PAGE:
WaterColor, Florida, Book Club Gives Back to Hurricane-Affected Students

Six months have passed since Hurricane Michael hit the panhandle of Florida. The violent storm impacted the Gulf Coast less than two weeks before WaterColor’s annual homeowner meeting. The Santa Rosa Beach community’s Board unanimously agreed to cut back on meeting expenses so the Association could make a donation toward relief efforts. 

Representing the community association, members of the WaterColor Book Club recently presented a check for $12,882 to the Bay County School System. The donation will assist with the purchase of classroom technology items and classroom rugs at Cedar Grove Elementary School. The donation will also help provide some fun for the students, who have been through so much, by funding a field trip to Shipwreck Island Water Park.

The Association’s donation is in addition to the $8,307 in donations already made by members of the WaterColor Book Club. Since November of last year, less than a month after the hurricane hit, the WaterColor Book Club has been working closely with Cedar Grove Elementary, which had taken in students from the heavily damaged Springfield Elementary, creating “Cedarfield” Elementary.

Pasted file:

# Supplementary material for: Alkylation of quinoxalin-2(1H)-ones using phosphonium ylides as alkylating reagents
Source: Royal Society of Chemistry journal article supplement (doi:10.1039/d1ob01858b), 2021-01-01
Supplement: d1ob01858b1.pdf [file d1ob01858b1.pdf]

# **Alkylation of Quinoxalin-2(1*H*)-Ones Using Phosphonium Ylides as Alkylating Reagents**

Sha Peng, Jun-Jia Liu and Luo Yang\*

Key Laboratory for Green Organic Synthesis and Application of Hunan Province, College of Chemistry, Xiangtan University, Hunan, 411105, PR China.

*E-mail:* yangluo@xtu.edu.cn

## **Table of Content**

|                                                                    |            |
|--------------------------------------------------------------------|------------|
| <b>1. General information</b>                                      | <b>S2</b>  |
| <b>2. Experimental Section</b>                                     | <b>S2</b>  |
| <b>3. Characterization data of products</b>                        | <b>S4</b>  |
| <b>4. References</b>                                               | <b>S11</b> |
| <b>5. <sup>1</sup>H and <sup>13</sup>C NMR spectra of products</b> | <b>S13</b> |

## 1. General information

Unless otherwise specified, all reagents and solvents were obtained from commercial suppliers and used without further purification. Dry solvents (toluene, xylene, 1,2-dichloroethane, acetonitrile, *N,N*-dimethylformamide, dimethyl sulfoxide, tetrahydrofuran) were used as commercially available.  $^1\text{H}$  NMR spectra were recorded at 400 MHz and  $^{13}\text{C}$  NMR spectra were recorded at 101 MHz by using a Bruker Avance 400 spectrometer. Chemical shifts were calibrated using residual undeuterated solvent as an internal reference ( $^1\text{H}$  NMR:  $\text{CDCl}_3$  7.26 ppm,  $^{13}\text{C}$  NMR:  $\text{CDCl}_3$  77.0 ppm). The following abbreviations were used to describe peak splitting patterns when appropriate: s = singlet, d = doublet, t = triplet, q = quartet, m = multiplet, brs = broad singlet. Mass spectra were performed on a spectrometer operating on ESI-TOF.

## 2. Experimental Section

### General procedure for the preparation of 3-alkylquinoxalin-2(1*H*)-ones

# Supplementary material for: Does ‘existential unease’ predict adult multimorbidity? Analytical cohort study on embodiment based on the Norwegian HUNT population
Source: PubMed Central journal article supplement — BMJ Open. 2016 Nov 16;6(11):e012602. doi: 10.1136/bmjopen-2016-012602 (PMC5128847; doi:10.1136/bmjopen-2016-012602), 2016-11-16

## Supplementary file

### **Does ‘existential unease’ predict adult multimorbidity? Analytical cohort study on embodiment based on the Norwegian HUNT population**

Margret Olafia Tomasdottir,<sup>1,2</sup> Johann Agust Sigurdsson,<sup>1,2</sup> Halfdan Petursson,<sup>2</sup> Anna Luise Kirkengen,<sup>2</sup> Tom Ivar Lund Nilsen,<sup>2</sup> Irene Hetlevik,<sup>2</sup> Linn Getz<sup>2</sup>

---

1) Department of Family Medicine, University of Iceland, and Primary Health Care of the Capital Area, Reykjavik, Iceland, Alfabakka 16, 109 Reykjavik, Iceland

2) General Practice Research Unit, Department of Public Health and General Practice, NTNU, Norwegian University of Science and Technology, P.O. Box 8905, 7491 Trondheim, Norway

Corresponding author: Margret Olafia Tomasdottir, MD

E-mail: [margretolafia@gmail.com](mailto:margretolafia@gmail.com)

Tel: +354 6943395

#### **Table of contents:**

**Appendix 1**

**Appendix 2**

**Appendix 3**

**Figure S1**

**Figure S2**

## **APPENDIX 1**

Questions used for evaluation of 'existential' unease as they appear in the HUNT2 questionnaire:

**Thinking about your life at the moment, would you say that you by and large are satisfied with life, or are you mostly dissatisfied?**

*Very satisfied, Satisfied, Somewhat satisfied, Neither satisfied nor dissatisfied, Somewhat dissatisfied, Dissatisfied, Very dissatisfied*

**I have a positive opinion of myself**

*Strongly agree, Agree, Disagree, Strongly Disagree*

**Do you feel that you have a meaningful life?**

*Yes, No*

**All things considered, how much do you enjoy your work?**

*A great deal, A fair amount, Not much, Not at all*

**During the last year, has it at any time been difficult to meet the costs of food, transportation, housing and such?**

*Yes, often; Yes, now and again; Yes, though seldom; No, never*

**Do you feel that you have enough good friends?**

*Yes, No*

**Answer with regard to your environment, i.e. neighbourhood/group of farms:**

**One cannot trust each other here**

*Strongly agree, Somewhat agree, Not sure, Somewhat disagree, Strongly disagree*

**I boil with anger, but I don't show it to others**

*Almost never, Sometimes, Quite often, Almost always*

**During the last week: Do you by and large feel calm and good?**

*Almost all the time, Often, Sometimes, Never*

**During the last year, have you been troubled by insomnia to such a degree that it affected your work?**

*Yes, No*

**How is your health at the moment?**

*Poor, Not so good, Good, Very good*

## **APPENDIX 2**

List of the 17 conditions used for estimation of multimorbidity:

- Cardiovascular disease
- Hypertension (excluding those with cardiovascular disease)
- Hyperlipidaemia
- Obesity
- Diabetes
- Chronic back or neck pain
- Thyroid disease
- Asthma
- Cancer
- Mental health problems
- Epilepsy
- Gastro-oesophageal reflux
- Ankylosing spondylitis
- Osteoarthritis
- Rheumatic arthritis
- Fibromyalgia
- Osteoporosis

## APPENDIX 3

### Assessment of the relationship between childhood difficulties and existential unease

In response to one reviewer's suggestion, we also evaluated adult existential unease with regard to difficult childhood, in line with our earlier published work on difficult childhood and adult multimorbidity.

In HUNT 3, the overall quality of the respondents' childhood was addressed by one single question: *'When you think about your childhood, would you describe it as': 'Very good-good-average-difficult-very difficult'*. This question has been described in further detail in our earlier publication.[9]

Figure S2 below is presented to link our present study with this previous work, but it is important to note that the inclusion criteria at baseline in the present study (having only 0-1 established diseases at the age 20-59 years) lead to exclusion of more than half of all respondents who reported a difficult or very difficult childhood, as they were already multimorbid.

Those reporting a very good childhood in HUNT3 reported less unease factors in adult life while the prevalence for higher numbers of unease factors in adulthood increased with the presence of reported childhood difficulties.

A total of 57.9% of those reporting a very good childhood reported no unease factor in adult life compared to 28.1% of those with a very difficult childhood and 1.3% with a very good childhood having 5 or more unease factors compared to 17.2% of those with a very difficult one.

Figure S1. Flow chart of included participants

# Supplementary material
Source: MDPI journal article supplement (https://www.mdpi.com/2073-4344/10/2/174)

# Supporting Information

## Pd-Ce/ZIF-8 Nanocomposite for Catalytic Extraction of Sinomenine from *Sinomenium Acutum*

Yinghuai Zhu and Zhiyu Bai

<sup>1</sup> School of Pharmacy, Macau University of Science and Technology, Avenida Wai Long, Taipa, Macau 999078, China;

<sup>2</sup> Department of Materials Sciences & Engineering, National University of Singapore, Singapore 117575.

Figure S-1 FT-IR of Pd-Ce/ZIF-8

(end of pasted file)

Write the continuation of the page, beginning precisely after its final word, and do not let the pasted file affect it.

The WaterColor Book Club established the Adopt-a-Class program, which is chaired by homeowner Jamie Williamson. During the next six months, the book club visited the school monthly and supplied each second grader at Cedarfield (90 students in all) with school supplies, books and special gifts. Supplies were also provided to the teachers. Members visited classrooms to read, play games, create reading challenges and offer love and support to the children of the Title I school.

The book club selected second graders for a very specific reason. They wanted to make sure the students had all the extra help they could get at this important time in their education, regardless of time lost in school as a result of the hurricane.

“The idea was to focus on second graders because in the second grade students ‘learn to read.’ And, in the third grade, students ‘read to learn.’ Not being able to read at grade level at the third grade sets students back for their entire program of education. It sets them up to fail, or in the least, be a lower achiever than they would be if they had strong reading skills,” Williamson said. 

On behalf of the students and teachers, principal Sheila Wojnowski said the WaterColor community and its Book Club have gone above and beyond other donors to the school because they have not only provided much needed supplies but also their love and personal attention to the students.

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